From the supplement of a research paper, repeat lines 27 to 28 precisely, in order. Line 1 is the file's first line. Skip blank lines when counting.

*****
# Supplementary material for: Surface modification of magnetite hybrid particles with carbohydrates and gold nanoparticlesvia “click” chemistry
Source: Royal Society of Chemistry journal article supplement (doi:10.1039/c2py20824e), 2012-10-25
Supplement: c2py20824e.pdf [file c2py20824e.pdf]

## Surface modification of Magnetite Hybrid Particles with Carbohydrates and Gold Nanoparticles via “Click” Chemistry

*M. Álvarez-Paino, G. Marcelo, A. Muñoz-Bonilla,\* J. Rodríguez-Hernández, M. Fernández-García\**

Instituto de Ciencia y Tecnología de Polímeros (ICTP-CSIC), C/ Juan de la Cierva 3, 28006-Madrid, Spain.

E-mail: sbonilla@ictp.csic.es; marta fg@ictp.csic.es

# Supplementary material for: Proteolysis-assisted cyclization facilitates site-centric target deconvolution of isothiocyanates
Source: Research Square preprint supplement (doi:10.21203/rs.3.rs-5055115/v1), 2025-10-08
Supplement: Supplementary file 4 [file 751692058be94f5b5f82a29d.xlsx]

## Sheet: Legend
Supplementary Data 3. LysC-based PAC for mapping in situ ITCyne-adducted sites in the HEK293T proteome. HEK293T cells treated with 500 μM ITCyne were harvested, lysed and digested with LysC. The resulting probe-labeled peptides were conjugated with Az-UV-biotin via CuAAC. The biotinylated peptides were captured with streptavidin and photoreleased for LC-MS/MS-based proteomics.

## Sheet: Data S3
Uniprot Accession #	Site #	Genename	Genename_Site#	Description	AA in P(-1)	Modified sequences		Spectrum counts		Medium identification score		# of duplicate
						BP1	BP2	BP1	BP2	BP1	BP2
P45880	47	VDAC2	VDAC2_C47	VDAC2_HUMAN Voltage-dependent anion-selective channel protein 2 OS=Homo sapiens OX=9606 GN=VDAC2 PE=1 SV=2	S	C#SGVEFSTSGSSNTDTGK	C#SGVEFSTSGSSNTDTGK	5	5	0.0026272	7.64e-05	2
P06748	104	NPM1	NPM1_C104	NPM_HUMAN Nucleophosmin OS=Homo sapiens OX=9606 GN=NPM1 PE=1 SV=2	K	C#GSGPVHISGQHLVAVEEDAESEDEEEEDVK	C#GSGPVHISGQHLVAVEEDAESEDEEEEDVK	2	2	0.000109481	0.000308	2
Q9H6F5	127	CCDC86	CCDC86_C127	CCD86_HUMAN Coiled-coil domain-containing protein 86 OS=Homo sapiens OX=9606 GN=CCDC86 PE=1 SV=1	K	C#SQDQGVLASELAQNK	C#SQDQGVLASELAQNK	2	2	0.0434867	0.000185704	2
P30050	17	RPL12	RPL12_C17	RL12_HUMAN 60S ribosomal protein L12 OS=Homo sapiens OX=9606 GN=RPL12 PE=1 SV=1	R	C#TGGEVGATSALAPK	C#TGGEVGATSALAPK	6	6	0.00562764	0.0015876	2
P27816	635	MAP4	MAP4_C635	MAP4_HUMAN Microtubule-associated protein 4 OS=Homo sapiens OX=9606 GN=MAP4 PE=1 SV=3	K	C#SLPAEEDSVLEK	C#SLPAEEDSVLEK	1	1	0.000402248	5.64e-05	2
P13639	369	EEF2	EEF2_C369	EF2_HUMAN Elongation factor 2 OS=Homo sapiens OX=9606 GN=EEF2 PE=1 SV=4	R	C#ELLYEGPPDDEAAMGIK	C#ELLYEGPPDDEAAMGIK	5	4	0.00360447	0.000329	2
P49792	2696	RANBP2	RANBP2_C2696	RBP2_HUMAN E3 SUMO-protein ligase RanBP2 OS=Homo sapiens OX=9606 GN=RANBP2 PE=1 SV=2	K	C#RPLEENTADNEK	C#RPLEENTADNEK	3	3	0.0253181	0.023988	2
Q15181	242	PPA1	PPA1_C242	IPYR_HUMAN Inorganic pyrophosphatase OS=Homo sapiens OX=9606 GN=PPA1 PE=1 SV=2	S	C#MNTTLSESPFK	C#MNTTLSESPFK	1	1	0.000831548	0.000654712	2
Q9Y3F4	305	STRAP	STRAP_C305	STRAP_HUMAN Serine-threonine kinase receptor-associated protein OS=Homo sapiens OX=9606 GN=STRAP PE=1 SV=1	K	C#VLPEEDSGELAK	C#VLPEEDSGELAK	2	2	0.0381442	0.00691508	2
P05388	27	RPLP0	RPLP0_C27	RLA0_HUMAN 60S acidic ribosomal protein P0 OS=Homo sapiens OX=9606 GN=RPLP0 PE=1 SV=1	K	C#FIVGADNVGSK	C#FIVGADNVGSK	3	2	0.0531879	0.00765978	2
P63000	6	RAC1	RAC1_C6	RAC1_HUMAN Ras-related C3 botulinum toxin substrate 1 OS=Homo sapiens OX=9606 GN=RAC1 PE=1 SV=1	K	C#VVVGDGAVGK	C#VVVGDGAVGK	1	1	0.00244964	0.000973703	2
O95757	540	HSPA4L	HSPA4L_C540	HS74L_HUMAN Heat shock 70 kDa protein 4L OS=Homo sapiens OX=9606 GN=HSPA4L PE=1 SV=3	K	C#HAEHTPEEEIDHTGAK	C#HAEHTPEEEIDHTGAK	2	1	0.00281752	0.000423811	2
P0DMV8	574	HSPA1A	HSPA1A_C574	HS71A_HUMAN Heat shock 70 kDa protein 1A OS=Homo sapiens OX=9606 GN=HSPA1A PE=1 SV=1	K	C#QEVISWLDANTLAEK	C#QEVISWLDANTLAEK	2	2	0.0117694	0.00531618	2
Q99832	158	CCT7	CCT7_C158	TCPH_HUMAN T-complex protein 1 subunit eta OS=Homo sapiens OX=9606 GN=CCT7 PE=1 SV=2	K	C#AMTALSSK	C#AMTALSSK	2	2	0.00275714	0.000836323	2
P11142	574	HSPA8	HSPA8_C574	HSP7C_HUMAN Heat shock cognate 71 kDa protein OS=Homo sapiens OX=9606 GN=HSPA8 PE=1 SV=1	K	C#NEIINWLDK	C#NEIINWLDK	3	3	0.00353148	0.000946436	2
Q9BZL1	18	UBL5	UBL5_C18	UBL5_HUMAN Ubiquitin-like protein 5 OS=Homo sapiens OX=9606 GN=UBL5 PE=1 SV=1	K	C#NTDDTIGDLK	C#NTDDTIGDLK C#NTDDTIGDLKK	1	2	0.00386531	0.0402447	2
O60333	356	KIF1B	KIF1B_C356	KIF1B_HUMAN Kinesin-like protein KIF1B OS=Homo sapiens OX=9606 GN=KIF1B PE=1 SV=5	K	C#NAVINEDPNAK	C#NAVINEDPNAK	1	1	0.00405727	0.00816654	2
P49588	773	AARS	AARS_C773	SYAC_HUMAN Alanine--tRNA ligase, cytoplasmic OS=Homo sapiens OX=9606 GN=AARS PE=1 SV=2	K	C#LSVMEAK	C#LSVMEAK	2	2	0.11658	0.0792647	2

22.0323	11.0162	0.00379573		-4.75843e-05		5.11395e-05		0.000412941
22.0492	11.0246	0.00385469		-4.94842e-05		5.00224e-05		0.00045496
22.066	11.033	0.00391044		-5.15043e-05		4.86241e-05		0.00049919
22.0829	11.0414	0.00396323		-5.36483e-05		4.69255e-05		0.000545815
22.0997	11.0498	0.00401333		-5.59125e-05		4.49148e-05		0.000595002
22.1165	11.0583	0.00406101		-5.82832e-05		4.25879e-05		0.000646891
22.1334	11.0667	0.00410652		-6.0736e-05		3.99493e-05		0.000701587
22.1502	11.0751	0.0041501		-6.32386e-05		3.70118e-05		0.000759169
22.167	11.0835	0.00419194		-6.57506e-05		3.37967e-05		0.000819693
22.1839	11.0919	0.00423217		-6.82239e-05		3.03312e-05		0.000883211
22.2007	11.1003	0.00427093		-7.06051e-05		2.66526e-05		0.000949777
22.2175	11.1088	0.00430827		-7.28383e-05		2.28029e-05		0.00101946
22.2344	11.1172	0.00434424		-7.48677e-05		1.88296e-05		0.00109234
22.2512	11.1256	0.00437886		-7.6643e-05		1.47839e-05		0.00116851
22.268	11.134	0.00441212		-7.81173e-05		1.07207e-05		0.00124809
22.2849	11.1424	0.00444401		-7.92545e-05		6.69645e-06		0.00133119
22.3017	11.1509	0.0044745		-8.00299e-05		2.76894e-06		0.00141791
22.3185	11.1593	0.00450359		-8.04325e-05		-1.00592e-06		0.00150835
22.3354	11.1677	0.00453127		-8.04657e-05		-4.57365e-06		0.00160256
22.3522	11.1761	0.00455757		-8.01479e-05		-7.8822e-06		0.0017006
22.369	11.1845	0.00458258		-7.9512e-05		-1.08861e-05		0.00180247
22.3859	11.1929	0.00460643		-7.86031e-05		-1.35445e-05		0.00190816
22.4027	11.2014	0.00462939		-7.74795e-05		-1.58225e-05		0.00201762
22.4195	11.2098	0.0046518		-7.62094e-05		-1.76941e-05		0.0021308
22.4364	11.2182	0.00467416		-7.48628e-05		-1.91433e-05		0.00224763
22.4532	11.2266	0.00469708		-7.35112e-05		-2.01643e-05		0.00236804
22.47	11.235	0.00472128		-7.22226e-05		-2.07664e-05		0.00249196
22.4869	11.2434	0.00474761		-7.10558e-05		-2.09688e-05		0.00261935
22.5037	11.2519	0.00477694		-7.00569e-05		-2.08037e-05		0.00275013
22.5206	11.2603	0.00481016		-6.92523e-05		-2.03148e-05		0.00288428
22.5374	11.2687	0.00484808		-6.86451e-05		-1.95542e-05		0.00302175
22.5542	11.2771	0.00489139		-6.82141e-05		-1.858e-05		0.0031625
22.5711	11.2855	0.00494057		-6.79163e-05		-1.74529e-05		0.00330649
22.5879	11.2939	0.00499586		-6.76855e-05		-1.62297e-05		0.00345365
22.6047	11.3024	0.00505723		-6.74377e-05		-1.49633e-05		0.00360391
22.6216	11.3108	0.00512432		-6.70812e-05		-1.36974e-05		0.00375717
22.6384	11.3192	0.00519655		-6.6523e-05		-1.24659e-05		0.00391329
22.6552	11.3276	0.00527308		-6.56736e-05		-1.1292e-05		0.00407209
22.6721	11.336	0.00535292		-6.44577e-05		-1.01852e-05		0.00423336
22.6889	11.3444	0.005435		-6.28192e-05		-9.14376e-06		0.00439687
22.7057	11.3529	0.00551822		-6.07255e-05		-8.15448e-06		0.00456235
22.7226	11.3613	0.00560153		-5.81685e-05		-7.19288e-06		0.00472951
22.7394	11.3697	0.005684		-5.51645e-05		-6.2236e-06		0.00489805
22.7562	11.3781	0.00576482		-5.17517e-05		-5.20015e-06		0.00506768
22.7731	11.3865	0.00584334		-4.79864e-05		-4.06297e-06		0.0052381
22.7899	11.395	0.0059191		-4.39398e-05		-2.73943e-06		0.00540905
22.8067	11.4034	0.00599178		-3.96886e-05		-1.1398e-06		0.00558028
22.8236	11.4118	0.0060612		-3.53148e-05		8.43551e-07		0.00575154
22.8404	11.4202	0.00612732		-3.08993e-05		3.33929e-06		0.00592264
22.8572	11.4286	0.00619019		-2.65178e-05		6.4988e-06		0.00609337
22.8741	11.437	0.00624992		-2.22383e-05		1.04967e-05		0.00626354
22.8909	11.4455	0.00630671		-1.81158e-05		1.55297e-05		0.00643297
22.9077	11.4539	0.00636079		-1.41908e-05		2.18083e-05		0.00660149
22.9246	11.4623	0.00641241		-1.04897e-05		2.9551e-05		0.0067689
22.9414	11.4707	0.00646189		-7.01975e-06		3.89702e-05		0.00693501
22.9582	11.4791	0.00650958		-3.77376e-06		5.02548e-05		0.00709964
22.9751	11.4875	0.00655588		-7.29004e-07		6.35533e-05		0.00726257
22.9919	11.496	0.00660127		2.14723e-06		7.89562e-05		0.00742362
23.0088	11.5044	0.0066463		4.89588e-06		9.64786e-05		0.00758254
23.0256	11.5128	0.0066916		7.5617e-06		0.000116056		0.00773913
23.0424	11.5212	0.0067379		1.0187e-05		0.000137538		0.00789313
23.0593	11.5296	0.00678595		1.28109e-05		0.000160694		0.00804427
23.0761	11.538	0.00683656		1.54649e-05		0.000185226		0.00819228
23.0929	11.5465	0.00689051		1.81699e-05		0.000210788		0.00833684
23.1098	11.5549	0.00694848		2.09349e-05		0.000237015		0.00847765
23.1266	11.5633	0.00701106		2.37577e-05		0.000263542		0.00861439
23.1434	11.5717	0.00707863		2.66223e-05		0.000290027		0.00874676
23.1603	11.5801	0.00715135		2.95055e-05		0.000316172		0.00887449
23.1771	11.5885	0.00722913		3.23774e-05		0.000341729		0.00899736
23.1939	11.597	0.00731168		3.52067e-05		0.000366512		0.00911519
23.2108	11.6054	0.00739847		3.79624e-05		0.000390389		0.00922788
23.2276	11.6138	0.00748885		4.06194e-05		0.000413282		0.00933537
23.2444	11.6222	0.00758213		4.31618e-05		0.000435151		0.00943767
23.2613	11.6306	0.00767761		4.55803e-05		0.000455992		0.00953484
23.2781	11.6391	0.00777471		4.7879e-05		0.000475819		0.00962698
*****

O95757	540	HSPA4L	HSPA4L_C540	HS74L_HUMAN Heat shock 70 kDa protein 4L OS=Homo sapiens OX=9606 GN=HSPA4L PE=1 SV=3	K	C#HAEHTPEEEIDHTGAK	C#HAEHTPEEEIDHTGAK	2	1	0.00281752	0.000423811	2
P0DMV8	574	HSPA1A	HSPA1A_C574	HS71A_HUMAN Heat shock 70 kDa protein 1A OS=Homo sapiens OX=9606 GN=HSPA1A PE=1 SV=1	K	C#QEVISWLDANTLAEK	C#QEVISWLDANTLAEK	2	2	0.0117694	0.00531618	2